Wednesday, 22 November 2000

The Women's Gaol Project, Nov 22, 2000

by Karen Martin
at Women's Refractory VUT Sunbury campus
November 22-December 9, 2000
Reviewer: Kate Herbert

The visit to the Federation style late 19th century Sunbury Women's Gaol is strangely disembodying.

We experience the site of women's incarceration, we hear the stories of women committed as insane when they were actually suffering menopausal, post-natal depression or alcoholism. We see the tiny cells and the canvas straight-jacket camisoles in which they were trapped.

One needs to either shift the experience to arm's length to avoid the emotional pain of empathy with theses victims or else to enter whole-heartedly even skinlessly into it to feel the weight of history and its abuse of the women.

The restored Building M6A at the gaol is the site of this installation performance written and directed by Karen Martin and performed by Helen Hopkins, Maria  Papastamopolous Ruth Bauer and Judy Roberts.

The building was called The Women's Refractory because it as for 'refractory' of difficult, violent, noisy, uncontrollable patients.

We enter the cyclone wire gates and out first stop is the verandah where historical computer, photographic and painterly images tell the stories of women who were 'committed by friends or by 'husband and brother' or who 'knifed a nurse'.

Inside the rectangular courtyard we may move between three sites. At each location a woman appears near-naked, painted the colour and pattern of the federation brickwork. (make-up by Jane Ormond OK) She is so dehumanised by her incarceration that she has become part of the brickwork.  It is haunting, surprising and moving.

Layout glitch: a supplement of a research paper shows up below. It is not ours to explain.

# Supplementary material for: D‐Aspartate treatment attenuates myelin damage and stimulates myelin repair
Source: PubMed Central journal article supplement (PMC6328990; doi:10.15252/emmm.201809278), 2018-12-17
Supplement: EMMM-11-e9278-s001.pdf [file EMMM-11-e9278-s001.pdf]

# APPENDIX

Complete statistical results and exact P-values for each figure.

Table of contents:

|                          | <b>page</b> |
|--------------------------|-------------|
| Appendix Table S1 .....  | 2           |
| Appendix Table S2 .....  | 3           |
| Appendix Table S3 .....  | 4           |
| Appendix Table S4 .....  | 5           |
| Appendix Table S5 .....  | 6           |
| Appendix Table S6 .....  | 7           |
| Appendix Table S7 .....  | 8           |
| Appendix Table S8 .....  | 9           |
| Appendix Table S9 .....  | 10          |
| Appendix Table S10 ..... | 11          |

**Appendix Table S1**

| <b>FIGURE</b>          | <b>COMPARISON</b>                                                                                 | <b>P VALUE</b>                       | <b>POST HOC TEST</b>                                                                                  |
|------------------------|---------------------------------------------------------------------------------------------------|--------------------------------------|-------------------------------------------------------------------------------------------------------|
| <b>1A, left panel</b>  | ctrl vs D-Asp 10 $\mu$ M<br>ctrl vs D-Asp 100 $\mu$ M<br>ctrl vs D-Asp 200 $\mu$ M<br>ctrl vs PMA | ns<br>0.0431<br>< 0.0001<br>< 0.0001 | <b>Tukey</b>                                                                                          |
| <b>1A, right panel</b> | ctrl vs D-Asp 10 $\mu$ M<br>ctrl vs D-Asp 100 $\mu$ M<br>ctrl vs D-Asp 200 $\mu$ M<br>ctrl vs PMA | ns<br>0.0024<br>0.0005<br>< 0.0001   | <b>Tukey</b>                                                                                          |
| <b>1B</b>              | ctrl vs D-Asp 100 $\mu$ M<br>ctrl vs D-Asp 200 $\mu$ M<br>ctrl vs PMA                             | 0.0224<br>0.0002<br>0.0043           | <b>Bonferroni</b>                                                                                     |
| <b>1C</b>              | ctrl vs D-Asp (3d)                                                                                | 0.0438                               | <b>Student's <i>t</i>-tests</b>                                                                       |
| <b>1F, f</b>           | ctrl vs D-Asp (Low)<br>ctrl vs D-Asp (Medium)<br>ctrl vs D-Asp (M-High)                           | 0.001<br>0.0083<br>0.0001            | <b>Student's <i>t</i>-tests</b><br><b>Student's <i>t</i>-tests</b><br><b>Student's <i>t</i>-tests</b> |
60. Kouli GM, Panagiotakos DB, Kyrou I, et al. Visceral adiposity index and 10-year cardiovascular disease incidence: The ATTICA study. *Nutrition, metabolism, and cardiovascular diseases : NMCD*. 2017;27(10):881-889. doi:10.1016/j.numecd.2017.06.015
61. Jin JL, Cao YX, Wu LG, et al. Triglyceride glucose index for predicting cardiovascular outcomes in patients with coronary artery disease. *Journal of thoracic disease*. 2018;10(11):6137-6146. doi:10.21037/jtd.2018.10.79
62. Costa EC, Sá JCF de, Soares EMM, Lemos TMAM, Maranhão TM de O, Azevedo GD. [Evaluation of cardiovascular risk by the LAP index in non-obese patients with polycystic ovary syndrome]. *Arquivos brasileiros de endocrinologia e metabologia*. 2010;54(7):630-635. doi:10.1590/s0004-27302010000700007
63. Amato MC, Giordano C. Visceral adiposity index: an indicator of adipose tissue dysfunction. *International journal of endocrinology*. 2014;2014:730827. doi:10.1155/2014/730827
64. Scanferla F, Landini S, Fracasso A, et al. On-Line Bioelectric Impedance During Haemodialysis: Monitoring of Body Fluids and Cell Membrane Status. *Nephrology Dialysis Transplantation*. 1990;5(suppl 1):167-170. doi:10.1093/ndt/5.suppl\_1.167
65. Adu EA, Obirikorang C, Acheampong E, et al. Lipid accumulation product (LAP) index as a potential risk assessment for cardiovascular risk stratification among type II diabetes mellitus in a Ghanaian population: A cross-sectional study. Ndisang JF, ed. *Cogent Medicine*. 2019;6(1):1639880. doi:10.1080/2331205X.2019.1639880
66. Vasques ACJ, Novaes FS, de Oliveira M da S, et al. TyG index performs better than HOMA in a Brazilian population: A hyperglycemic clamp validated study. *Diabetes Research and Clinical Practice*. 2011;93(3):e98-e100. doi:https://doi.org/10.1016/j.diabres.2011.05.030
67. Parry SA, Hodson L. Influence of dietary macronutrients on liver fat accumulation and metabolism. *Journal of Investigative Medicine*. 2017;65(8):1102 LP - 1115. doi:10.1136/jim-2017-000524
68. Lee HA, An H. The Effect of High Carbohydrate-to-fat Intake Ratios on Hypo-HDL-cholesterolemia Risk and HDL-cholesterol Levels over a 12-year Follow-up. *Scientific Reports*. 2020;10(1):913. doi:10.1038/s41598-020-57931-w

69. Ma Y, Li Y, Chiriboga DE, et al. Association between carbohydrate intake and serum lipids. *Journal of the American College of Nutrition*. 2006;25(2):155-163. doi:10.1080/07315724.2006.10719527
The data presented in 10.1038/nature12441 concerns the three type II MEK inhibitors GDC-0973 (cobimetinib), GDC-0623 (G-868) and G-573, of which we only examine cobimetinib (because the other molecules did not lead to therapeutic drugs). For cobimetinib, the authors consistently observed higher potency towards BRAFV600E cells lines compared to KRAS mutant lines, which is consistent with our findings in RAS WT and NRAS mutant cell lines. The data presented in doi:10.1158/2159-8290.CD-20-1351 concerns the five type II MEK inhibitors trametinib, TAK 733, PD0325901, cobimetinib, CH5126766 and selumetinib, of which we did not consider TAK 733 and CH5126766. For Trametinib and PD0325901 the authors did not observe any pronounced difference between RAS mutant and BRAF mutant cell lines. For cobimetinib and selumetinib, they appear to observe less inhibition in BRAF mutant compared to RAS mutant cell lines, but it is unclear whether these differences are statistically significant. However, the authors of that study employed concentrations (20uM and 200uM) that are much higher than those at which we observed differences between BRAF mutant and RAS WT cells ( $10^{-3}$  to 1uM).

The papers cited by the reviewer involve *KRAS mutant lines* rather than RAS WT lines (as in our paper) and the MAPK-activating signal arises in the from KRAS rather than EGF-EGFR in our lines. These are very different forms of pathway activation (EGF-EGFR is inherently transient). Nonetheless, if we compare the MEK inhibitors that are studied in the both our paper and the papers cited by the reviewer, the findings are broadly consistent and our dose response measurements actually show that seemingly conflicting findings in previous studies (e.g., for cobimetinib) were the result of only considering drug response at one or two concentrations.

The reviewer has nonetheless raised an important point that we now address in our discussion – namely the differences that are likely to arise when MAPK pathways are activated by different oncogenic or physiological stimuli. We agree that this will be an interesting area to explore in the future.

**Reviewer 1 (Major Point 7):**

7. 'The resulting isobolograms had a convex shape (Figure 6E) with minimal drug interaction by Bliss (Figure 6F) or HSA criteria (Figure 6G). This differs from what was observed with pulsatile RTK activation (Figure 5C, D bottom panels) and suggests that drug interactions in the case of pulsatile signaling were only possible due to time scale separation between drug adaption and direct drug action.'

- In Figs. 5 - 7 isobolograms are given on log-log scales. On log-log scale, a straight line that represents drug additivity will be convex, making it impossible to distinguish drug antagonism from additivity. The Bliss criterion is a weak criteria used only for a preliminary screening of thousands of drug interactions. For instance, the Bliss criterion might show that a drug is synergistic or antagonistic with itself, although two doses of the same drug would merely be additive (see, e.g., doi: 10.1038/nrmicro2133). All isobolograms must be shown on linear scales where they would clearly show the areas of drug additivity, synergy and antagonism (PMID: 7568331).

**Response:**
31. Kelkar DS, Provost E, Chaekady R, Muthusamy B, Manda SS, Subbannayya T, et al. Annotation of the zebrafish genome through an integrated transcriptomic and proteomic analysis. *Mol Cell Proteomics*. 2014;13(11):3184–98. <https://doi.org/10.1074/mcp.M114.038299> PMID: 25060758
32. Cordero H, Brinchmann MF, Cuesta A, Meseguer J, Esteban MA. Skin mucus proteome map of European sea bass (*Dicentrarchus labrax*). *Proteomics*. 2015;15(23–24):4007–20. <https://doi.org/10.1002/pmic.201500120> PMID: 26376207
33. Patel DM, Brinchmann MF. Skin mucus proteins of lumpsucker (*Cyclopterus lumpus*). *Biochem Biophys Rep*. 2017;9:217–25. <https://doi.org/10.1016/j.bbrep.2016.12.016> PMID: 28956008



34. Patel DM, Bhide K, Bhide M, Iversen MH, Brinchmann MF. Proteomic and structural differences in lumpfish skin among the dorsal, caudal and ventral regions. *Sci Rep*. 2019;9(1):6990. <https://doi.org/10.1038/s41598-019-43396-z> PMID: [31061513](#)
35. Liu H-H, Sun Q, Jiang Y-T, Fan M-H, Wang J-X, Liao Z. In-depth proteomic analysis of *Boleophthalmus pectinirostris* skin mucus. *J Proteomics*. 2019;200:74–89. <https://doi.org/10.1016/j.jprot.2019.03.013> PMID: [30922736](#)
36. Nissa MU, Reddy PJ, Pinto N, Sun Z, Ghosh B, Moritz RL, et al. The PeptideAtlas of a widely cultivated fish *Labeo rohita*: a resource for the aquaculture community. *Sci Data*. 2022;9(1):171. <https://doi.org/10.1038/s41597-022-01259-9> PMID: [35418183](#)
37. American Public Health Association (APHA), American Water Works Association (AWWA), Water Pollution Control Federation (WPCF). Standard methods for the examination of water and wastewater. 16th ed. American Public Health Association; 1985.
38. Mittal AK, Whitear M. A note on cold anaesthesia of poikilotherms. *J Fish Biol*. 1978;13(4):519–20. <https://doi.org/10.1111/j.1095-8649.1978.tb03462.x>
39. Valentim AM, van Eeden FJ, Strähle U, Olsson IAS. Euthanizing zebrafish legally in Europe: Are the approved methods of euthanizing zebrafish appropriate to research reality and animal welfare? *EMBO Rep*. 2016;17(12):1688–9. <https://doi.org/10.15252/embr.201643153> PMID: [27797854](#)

Bauer climbs acrobatically on ropes speaking in the language of contemporary cultural theory  and as writer Virginia Woolf who was a depressive.

Papastamopolous voices the desire for touch, speaks as the ancient Greek prophetess, Cassandra and cries 'How long must one live like this?, a question that wrenches at the heart as we see and hear the abuses to which they were subjected.

The references to Woolf and Cassandra are not necessary or particularly relevant and the production is not theatrically or textually very innovative. It is not creation of believable dramatic characters that moves us but the constant reminder of the reality of the stories and the palpable presence of the women crying out from the past in this place.

Roberts stands atop a roof singing and reciting a litany of case histories of women from the institution.

This is a powerful piece that drags us screaming into the past to visit the horror of institutions at the turn of the century. Are we kinder now? Who knows.

By Kate Herbert
for 2 pages:

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